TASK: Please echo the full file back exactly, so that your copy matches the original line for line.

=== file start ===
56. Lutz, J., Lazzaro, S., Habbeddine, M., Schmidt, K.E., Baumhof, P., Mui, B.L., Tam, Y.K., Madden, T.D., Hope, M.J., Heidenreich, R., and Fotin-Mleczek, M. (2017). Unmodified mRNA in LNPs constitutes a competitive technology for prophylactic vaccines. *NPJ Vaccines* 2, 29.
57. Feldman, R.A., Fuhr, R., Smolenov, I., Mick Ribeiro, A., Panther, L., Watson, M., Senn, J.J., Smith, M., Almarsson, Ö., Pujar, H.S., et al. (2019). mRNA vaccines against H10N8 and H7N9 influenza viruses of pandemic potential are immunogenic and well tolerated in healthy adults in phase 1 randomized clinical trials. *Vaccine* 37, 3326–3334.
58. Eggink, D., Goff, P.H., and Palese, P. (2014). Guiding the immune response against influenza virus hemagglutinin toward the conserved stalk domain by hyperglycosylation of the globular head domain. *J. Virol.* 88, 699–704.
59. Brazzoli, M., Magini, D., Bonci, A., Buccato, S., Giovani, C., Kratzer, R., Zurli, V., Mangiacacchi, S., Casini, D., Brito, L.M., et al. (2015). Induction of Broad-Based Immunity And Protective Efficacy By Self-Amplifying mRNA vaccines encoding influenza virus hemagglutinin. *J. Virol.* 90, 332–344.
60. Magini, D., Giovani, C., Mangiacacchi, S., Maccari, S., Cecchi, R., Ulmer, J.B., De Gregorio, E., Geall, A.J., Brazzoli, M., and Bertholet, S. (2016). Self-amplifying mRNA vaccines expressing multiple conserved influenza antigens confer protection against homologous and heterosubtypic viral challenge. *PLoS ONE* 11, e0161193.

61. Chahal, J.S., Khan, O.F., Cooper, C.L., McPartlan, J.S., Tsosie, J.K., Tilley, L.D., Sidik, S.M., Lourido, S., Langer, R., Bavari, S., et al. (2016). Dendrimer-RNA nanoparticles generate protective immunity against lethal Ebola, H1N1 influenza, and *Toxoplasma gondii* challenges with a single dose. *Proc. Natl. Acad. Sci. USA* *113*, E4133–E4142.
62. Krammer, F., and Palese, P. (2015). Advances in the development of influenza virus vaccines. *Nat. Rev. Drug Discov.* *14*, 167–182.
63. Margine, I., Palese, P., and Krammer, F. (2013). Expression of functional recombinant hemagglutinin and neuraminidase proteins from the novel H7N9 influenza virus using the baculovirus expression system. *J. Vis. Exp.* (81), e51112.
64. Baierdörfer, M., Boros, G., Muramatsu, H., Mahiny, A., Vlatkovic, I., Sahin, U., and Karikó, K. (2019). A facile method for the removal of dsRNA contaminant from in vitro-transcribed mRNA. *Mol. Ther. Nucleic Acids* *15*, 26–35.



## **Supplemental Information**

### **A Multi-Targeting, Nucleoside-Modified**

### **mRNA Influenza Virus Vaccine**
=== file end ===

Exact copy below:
56. Lutz, J., Lazzaro, S., Habbeddine, M., Schmidt, K.E., Baumhof, P., Mui, B.L., Tam, Y.K., Madden, T.D., Hope, M.J., Heidenreich, R., and Fotin-Mleczek, M. (2017). Unmodified mRNA in LNPs constitutes a competitive technology for prophylactic vaccines. *NPJ Vaccines* 2, 29.
57. Feldman, R.A., Fuhr, R., Smolenov, I., Mick Ribeiro, A., Panther, L., Watson, M., Senn, J.J., Smith, M., Almarsson, Ö., Pujar, H.S., et al. (2019). mRNA vaccines against H10N8 and H7N9 influenza viruses of pandemic potential are immunogenic and well tolerated in healthy adults in phase 1 randomized clinical trials. *Vaccine* 37, 3326–3334.
58. Eggink, D., Goff, P.H., and Palese, P. (2014). Guiding the immune response against influenza virus hemagglutinin toward the conserved stalk domain by hyperglycosylation of the globular head domain. *J. Virol.* 88, 699–704.
59. Brazzoli, M., Magini, D., Bonci, A., Buccato, S., Giovani, C., Kratzer, R., Zurli, V., Mangiacacchi, S., Casini, D., Brito, L.M., et al. (2015). Induction of Broad-Based Immunity And Protective Efficacy By Self-Amplifying mRNA vaccines encoding influenza virus hemagglutinin. *J. Virol.* 90, 332–344.
60. Magini, D., Giovani, C., Mangiacacchi, S., Maccari, S., Cecchi, R., Ulmer, J.B., De Gregorio, E., Geall, A.J., Brazzoli, M., and Bertholet, S. (2016). Self-amplifying mRNA vaccines expressing multiple conserved influenza antigens confer protection against homologous and heterosubtypic viral challenge. *PLoS ONE* 11, e0161193.

61. Chahal, J.S., Khan, O.F., Cooper, C.L., McPartlan, J.S., Tsosie, J.K., Tilley, L.D., Sidik, S.M., Lourido, S., Langer, R., Bavari, S., et al. (2016). Dendrimer-RNA nanoparticles generate protective immunity against lethal Ebola, H1N1 influenza, and *Toxoplasma gondii* challenges with a single dose. *Proc. Natl. Acad. Sci. USA* *113*, E4133–E4142.
62. Krammer, F., and Palese, P. (2015). Advances in the development of influenza virus vaccines. *Nat. Rev. Drug Discov.* *14*, 167–182.
63. Margine, I., Palese, P., and Krammer, F. (2013). Expression of functional recombinant hemagglutinin and neuraminidase proteins from the novel H7N9 influenza virus using the baculovirus expression system. *J. Vis. Exp.* (81), e51112.
64. Baierdörfer, M., Boros, G., Muramatsu, H., Mahiny, A., Vlatkovic, I., Sahin, U., and Karikó, K. (2019). A facile method for the removal of dsRNA contaminant from in vitro-transcribed mRNA. *Mol. Ther. Nucleic Acids* *15*, 26–35.



## **Supplemental Information**

### **A Multi-Targeting, Nucleoside-Modified**

### **mRNA Influenza Virus Vaccine**